Ignoring antisemitism only makes it stronger

By | February 3, 2023

Toby Lichtig writes:

Antisemitism is back in vogue. Books, plays, exhibitions, academic studies and New Lines magazine essays alike are grappling with this age-old hatred and why it continues to morph and flare up in our present day.

As I write this piece in London, some of my fellow citizens are contemplating their evening plans to go see “The Doctor” at the Duke of York’s Theatre, an adaptation of Arthur Schnitzler’s 1912 play “Professor Bernhardi,” which follows a Jewish medical professional in pre-war Vienna experiencing an upswell of antisemitism. Today’s version, by Robert Icke, transposes this story onto the modern world of identity politics and Twitter storms. Some of these theatergoers might have seen last season’s production of “Jews” at the Royal Court, a piece of verbatim theater by Jonathan Freedland that concerns the contemporary Jewish experience of racism. That piece was commissioned in response to the use of casual antisemitic tropes in a previous production at the venue.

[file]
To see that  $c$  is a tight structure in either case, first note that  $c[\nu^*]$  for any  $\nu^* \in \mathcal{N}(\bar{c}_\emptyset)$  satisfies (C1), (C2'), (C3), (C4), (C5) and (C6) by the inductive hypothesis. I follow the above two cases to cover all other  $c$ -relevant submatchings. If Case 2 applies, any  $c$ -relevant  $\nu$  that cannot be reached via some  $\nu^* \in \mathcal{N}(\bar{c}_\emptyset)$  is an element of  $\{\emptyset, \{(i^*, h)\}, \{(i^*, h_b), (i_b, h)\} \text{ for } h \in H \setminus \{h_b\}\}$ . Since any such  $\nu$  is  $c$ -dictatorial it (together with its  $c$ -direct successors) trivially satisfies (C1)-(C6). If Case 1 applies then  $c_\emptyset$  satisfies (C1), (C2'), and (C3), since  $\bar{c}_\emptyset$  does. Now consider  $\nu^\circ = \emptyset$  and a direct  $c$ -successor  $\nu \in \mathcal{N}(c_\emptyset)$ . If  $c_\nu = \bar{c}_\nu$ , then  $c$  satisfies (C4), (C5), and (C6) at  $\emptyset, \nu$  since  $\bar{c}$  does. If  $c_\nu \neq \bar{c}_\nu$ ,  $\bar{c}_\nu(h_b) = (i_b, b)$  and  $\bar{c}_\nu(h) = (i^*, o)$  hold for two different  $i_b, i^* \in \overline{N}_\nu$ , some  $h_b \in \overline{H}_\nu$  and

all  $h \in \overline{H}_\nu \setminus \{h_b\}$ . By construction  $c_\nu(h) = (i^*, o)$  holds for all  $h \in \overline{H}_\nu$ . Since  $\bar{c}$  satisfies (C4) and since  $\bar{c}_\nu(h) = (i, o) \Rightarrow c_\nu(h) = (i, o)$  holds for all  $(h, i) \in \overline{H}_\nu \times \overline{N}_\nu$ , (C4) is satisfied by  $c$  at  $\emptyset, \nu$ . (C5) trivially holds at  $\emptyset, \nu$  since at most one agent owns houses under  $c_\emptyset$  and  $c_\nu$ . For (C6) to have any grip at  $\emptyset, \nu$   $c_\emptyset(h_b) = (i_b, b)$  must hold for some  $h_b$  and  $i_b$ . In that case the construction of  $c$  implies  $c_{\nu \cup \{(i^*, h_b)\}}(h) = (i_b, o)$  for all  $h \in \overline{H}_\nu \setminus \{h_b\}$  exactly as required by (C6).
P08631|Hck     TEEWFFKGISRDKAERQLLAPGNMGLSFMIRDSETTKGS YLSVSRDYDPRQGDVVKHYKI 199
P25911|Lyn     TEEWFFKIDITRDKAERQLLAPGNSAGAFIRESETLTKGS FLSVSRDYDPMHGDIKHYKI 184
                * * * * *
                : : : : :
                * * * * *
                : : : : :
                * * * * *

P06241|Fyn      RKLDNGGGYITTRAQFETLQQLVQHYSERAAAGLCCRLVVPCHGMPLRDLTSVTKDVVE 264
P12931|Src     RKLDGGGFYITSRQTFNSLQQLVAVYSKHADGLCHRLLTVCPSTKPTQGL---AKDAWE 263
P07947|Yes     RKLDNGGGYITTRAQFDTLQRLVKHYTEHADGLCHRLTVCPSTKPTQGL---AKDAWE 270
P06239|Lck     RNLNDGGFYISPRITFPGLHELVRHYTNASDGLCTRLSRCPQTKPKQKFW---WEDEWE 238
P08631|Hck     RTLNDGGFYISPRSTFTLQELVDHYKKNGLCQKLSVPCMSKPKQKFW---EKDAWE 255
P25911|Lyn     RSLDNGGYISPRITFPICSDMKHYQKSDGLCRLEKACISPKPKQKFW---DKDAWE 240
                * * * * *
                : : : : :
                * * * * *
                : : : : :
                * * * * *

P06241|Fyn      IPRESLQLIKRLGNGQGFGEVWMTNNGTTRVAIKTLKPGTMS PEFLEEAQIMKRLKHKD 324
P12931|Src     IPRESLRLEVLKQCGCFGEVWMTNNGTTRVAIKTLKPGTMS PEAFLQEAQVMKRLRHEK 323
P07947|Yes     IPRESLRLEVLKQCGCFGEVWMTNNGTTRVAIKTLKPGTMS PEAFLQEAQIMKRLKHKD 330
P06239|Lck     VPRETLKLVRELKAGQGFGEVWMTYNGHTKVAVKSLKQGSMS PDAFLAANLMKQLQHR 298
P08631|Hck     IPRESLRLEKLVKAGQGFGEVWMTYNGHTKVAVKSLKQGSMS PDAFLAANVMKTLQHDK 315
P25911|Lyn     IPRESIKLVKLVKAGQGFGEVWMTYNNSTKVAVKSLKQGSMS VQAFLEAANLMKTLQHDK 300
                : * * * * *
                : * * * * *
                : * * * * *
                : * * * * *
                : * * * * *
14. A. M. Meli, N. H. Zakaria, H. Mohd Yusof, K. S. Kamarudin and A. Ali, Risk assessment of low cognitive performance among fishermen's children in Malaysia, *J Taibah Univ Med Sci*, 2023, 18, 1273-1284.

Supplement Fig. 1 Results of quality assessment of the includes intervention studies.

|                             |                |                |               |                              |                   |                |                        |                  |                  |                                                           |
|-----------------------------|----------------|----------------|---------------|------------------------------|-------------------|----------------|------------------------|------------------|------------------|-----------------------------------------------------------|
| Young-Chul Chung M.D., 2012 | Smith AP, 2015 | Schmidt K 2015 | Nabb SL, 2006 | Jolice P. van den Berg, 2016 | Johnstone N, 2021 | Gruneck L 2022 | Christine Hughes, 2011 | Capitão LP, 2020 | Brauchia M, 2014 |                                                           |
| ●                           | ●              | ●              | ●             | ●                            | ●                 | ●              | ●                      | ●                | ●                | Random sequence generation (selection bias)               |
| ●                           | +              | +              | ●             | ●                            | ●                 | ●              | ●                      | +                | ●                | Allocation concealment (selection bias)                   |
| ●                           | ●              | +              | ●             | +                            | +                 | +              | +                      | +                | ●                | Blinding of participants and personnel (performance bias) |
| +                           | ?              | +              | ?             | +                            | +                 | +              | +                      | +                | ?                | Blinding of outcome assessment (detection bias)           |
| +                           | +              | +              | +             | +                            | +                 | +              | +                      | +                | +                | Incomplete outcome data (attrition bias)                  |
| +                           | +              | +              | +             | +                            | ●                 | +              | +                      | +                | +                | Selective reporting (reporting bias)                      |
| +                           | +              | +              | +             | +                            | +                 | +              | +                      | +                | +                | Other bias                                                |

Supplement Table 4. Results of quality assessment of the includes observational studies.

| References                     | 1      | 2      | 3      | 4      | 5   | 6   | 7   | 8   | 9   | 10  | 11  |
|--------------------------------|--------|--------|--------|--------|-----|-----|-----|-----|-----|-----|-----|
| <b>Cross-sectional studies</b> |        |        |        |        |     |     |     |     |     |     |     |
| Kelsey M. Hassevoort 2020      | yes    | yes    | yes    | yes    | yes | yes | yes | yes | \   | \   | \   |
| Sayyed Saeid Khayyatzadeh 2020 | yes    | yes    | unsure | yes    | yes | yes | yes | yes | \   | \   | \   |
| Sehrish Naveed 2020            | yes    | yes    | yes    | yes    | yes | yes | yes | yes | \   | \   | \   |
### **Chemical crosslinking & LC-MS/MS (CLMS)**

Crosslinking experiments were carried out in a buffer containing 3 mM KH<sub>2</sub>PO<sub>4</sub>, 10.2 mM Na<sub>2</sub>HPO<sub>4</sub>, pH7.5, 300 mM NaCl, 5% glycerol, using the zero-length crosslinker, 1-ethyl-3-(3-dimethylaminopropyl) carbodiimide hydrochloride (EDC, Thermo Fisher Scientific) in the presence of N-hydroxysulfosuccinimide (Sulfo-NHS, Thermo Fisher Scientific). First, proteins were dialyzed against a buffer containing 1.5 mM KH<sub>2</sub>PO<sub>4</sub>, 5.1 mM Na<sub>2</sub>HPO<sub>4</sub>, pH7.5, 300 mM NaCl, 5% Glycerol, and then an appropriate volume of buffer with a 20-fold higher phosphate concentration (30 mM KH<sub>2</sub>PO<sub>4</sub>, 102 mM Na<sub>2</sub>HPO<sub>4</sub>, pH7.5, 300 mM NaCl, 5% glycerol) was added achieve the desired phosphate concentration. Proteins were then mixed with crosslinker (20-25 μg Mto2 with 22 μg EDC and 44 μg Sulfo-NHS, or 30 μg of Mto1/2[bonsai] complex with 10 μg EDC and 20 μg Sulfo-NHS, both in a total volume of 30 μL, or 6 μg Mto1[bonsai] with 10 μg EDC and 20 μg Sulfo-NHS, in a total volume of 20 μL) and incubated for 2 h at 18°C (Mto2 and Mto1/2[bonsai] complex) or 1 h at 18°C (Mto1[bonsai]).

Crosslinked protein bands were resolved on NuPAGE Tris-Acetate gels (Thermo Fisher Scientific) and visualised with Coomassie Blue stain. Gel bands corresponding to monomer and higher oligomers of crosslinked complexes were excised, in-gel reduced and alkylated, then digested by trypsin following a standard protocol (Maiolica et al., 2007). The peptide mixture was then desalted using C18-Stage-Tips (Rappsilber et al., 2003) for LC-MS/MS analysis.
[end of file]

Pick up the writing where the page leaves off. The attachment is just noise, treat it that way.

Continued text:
Those staying in might prefer to snuggle up on the sofa with a nice hot mug of chicken soup and watch author and sometime comedian David Baddiel’s “Jews Don’t Count,” a documentary on British television confronting antisemitism on the progressive left. The program is a spinoff of Baddiel’s enormously successful 2020 book of the same title, which grapples with antisemitism in the world of contemporary identity politics. (In the spirit of full disclosure, I provided some editorial consultation on this book in my role as an editor at the Times Literary Supplement.) As with Icke and Freedland, Baddiel is less interested in the outright haters (whose animus is a given) than those he perceives to be their enablers: people, particularly on the left, who are so quick to call out racism when it is directed at any number of other minority communities but seem to have a blind spot when it comes to Jews. “Jews Don’t Count” has so far sold over 125,000 copies worldwide — not quite the realm of John Grisham or Colleen Hoover but impressive for what is essentially a thoughtful and passionate polemic about a highly specific area of ethno-political discourse. Jews might not count for some, but plenty seem interested in why this is the case — and, one infers, not only Jews. [Continue reading…]

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